Vladimir Putin’s invasion of Ukraine has heightened the possibility that Chinese President Xi Jinping might take a similar action toward Taiwan. Xi has made no secret of his ambition to annex the island, and may be emboldened to act sooner rather than later absent a strong international response to Putin’s aggression.
Recent polling from TIPP provides insights into Americans’ views on a potential Chinese invasion of Taiwan, which are remarkably consistent across the political spectrum in our supposedly-polarized nation. Not surprisingly, most Americans are not interested in getting into a war in Asia; in no group surveyed does support for direct military support for Taiwan top 20%. But there is even less appetite to do nothing, as in no group surveyed does allowing China to take Taiwan top 10%.
The majority of respondents favor economic sanctions – or a combination of military support and economic sanctions – as the appropriate response to an attack on Taiwan. America’s unparalleled economic strength appears to be the tool of choice, and might be the one that gives Xi the most pause if he understands just how damaging it can be.
What has happened to Russia in the weeks following the invasion of Ukraine is a case in point. Following the U.S. sanctions on the Central Bank of Russia, there was an unprecedented private sector exodus from the country as companies from McDonalds to Shell pulled out as the ruble cratered.
President Biden said when the sanctions were first levied that it would to take a month to see if they had real bite. Unfortunately, a month is now up and the results are at best mixed. While Russia’s energy production has declined and a potential debt default looms, it is still finding buyers for oil and gas, and the ruble has rebounded.
If Washington truly wants to force a change in Moscow’s belligerent behavior, more robust actions will be needed in short order—first and foremost the sweeping energy-sector sanctions that President Biden has been hesitant to implement. Facing sharply spiking gas prices at home, he is clearly concerned that these sanctions could drive prices higher, even though they are probably the strongest tool in his economic arsenal.
The current stalemate absent these measures is unfortunate, first and foremost for the suffering people of Ukraine. But it also sends a counterproductive message to Xi that the Biden administration is not willing to vigorously deploy America’s economic might to protect a threatened ally because of domestic political concerns, thereby weakening the deterrent effect their threat may have.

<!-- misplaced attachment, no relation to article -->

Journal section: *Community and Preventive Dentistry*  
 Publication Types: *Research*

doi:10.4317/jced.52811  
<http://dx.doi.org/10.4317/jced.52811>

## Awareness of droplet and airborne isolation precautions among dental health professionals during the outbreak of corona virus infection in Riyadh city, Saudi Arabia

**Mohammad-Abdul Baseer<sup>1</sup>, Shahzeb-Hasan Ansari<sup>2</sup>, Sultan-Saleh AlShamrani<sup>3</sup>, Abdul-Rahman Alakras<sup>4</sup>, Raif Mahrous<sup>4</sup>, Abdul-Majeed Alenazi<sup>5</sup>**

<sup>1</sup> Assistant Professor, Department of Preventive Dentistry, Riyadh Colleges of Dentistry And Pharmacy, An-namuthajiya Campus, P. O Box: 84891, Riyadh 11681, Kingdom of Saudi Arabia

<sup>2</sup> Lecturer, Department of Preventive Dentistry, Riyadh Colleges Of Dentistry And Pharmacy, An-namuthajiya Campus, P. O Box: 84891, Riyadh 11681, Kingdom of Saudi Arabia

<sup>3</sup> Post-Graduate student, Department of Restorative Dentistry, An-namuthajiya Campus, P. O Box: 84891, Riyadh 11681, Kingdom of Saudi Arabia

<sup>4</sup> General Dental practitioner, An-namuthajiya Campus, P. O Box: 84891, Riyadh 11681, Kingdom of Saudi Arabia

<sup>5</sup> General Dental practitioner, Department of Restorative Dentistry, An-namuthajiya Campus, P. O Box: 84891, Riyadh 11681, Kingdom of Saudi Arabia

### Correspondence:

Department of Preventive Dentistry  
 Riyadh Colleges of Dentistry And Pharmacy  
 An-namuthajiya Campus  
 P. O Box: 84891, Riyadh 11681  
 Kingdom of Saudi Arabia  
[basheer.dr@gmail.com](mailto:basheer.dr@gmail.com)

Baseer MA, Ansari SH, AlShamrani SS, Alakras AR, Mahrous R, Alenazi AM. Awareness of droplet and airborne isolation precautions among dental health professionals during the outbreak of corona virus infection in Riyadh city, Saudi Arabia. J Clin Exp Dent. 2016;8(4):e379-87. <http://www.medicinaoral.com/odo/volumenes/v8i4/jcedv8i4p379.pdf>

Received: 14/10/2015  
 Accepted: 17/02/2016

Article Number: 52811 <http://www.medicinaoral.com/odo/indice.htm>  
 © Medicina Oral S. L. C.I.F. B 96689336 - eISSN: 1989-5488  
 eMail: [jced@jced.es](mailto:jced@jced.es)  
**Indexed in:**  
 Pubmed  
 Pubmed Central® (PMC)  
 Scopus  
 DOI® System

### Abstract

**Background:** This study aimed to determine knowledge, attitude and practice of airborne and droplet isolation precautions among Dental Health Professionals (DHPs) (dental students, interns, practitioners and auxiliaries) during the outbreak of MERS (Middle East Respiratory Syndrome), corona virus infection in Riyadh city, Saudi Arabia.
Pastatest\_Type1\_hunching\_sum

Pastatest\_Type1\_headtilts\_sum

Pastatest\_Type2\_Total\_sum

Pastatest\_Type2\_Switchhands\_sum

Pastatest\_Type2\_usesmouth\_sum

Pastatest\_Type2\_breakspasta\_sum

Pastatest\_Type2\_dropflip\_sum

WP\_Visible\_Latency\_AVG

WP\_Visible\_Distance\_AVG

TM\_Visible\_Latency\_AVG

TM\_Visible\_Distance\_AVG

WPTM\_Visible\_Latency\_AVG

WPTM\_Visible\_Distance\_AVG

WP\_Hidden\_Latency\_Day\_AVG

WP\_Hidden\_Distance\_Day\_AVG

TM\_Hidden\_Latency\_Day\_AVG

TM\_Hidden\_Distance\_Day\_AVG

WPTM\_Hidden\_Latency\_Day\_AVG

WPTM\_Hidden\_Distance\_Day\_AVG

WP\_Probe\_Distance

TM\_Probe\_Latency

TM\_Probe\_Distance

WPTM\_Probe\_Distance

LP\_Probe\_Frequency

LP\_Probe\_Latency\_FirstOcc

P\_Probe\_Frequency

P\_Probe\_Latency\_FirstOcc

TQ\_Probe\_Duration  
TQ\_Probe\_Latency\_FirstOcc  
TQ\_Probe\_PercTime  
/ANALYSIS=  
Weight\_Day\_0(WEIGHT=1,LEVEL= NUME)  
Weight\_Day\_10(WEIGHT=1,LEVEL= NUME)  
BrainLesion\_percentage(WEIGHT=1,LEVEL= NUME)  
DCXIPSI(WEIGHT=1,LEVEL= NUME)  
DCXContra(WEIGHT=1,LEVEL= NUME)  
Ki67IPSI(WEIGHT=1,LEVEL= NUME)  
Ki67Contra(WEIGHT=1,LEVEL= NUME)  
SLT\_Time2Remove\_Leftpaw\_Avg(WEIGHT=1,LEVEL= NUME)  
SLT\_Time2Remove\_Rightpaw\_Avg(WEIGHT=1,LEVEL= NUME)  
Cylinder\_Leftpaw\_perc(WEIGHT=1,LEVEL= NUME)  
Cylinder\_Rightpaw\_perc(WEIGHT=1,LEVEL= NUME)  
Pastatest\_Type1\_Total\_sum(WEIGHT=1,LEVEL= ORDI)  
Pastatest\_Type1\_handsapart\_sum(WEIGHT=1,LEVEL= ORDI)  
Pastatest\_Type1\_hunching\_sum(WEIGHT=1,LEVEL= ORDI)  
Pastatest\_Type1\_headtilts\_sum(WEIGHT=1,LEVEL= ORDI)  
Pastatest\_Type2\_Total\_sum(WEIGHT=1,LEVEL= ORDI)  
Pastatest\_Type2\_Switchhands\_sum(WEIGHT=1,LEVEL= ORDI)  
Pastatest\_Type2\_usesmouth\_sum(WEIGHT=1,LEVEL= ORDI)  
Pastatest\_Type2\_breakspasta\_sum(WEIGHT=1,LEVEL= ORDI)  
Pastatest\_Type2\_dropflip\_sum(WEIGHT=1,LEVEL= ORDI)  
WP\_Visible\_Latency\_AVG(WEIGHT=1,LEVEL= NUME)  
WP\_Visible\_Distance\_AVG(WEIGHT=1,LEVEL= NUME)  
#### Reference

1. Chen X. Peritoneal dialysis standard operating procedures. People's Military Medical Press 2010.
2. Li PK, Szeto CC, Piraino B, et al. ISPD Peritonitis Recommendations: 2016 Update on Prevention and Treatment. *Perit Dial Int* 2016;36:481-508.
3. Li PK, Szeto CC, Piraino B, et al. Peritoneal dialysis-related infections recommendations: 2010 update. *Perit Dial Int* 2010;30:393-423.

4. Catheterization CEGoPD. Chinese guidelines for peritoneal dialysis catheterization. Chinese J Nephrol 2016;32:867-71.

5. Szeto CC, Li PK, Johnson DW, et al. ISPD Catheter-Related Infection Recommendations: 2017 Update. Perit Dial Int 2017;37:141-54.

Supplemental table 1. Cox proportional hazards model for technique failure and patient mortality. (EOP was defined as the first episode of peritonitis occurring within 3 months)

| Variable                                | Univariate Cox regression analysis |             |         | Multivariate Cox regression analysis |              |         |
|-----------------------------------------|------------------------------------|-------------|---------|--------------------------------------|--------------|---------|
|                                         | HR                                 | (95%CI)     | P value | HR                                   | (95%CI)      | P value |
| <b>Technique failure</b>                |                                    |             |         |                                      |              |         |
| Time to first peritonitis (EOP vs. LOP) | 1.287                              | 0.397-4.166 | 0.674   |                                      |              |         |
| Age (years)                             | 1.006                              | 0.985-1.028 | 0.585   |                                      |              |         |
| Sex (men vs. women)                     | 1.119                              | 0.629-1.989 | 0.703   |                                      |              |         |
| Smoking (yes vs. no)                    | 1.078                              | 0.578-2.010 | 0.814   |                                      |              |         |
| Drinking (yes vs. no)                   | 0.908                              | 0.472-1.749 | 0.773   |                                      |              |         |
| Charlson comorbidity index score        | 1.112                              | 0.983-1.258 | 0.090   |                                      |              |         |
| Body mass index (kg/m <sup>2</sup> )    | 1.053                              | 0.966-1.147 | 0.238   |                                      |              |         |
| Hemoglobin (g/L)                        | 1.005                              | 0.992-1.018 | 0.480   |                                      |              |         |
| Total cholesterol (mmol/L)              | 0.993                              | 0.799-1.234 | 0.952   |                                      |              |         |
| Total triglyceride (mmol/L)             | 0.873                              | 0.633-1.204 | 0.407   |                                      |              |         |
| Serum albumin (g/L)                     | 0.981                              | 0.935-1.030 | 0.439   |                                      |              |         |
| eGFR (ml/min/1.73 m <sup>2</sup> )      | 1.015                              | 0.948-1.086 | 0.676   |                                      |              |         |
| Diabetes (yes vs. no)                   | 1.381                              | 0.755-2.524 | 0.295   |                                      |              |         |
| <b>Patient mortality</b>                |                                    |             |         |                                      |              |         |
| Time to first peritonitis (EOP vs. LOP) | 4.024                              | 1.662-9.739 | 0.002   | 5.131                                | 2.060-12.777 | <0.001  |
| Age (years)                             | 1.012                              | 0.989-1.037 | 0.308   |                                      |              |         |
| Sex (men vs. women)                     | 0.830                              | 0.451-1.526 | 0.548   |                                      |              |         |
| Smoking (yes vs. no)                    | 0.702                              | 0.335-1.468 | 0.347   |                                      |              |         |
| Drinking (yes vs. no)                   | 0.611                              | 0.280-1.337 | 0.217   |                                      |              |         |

Decoupling the world’s two largest economies seemed unthinkable before the Russian invasion of Ukraine and subsequent shunning of Russia, but now those difficult discussions have begun. The widely-discussed SWIFT sanctions to cut China off from the international banking system would only be the beginning of it, and while China claims it can sustain itself through Yuan-based transactions there is little evidence that the rest of the world is ready to reject the dollar.
That is not to say that the United States would not share in the economic pain from such a separation, but interestingly the TIPP polling indicates substantial majorities of Americans understand this price and are willing to bear it to defend Taiwan. Once again, there is little deviation from this position across the political spectrum, with 68% (Republicans) to 75% (Democrats) responding favorably.
Americans appear to understand the seriousness of the threat from China, and are willing to contemplate strong action to counter it and are willing to pay the price. As I have noted in previous analysis of TIPP polling on Afghanistan, President Biden appears to have misread the desire of the American people to conclude the war in Afghanistan as a mandate to withdraw as quickly as possible and do so at any cost. Given the clear bipartisan support for a strong response to Chinese aggression revealed by the TIPP polling, he should not make the same mistake on Taiwan. A reluctance to engage militarily is not an indication of general apathy.
Victoria Coates is a Distinguished Fellow in Strategic Studies at the American Foreign Policy Council in Washington, DC. In the Trump administration, she served as Deputy National Security Advisor for the Middle East and North Africa, as well as Senior Policy Advisor to the Secretary of Energy.